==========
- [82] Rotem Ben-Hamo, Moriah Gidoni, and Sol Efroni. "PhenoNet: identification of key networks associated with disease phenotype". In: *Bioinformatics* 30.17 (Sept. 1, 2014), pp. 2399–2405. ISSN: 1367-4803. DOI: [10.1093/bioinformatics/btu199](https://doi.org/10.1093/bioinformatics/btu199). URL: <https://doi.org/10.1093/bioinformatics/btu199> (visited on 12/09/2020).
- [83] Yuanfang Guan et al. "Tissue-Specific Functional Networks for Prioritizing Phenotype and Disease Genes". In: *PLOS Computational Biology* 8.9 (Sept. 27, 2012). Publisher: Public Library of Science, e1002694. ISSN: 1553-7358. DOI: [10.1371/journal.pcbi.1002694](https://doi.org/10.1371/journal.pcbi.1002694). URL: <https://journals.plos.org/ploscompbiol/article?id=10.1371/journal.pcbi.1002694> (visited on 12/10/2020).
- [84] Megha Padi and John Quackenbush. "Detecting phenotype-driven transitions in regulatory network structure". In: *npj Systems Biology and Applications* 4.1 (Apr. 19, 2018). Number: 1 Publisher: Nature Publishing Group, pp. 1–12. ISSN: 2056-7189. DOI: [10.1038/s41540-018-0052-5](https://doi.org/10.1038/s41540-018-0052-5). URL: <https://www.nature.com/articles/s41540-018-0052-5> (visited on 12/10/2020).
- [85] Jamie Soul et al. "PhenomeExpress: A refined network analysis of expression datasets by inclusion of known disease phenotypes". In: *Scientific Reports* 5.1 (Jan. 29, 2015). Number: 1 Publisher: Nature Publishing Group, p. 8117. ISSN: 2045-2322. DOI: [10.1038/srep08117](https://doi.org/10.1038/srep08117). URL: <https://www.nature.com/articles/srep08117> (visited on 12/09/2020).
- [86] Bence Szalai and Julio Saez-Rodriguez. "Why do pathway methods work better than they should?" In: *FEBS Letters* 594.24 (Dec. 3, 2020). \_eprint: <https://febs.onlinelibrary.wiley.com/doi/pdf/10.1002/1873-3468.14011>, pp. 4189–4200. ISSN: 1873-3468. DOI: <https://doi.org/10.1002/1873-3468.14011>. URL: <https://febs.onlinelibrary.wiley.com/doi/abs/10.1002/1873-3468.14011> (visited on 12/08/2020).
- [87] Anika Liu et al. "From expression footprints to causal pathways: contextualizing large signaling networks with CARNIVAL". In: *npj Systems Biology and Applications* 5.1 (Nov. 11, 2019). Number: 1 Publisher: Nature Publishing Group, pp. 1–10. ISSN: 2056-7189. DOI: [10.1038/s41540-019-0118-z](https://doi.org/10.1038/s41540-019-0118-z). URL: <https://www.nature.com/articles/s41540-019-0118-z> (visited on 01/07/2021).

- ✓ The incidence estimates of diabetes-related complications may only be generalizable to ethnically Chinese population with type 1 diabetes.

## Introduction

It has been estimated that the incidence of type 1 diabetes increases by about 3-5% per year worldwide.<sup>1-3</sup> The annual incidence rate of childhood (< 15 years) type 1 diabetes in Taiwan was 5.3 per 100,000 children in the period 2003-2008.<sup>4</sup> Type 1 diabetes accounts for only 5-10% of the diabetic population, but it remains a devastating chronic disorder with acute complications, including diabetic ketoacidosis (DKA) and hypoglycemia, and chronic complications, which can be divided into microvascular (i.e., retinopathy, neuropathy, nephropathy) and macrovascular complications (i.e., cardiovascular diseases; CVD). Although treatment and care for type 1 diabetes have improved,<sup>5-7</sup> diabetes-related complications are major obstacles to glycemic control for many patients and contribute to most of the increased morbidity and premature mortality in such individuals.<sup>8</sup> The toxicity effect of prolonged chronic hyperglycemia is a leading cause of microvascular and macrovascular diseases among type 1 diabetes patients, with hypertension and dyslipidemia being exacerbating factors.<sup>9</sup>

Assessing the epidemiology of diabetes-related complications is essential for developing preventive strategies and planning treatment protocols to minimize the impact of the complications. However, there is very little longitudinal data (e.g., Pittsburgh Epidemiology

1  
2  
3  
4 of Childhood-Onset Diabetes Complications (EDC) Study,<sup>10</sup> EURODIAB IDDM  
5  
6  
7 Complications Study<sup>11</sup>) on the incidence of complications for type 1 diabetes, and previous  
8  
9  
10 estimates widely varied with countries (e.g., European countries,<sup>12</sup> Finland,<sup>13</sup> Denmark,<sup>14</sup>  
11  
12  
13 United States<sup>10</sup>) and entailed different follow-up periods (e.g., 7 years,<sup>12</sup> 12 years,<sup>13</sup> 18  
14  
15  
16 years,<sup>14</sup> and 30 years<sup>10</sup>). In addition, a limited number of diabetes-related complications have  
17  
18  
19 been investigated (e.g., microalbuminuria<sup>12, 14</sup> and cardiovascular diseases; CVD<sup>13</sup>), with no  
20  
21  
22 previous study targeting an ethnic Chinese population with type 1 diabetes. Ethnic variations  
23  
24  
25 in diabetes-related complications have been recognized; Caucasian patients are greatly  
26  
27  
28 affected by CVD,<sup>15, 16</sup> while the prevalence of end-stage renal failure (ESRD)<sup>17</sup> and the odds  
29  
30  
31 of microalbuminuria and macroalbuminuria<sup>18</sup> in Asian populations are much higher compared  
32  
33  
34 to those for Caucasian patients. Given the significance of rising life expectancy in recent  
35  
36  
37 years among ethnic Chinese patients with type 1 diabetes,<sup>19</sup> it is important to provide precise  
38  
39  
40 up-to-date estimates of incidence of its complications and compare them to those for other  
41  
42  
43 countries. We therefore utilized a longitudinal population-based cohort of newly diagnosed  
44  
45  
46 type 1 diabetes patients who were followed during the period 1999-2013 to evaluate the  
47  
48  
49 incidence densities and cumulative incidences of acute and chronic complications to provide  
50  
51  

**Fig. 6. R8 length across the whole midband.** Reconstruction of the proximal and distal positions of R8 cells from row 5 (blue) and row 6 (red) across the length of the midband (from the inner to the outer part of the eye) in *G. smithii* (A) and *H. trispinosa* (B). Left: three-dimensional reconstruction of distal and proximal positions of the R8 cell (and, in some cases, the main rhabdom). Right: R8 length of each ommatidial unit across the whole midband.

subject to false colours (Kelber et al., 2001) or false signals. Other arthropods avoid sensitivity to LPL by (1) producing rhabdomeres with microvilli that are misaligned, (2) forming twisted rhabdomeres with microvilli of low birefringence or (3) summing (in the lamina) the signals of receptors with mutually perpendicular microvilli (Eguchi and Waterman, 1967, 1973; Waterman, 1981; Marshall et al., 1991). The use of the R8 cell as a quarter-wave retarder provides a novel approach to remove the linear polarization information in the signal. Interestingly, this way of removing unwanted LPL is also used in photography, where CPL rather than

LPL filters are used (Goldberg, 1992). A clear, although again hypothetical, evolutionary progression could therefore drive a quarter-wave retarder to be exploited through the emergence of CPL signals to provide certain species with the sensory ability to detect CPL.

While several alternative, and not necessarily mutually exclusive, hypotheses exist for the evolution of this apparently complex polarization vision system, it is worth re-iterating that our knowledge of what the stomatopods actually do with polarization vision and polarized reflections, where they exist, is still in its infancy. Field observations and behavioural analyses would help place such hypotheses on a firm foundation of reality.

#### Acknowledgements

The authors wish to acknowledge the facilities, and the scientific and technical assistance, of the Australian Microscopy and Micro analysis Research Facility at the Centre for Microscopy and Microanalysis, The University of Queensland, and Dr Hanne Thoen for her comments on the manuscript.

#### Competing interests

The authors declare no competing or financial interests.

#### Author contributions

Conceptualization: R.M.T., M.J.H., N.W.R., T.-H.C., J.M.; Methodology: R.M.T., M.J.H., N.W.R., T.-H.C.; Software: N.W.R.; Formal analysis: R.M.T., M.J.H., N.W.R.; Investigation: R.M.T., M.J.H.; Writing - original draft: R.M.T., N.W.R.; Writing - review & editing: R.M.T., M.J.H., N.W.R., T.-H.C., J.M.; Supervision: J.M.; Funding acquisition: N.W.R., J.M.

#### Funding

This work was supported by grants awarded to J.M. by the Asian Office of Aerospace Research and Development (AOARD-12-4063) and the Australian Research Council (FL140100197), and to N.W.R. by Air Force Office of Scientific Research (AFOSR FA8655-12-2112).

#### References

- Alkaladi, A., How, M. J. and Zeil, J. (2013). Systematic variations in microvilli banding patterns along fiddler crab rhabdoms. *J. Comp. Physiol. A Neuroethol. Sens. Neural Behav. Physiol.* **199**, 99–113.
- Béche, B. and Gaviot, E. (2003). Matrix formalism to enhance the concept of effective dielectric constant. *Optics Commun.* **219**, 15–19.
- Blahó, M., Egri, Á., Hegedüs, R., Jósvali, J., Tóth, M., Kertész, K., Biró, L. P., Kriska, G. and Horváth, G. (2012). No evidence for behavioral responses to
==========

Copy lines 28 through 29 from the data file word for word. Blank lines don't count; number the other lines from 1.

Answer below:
18  
19 been investigated (e.g., microalbuminuria<sup>12, 14</sup> and cardiovascular diseases; CVD<sup>13</sup>), with no  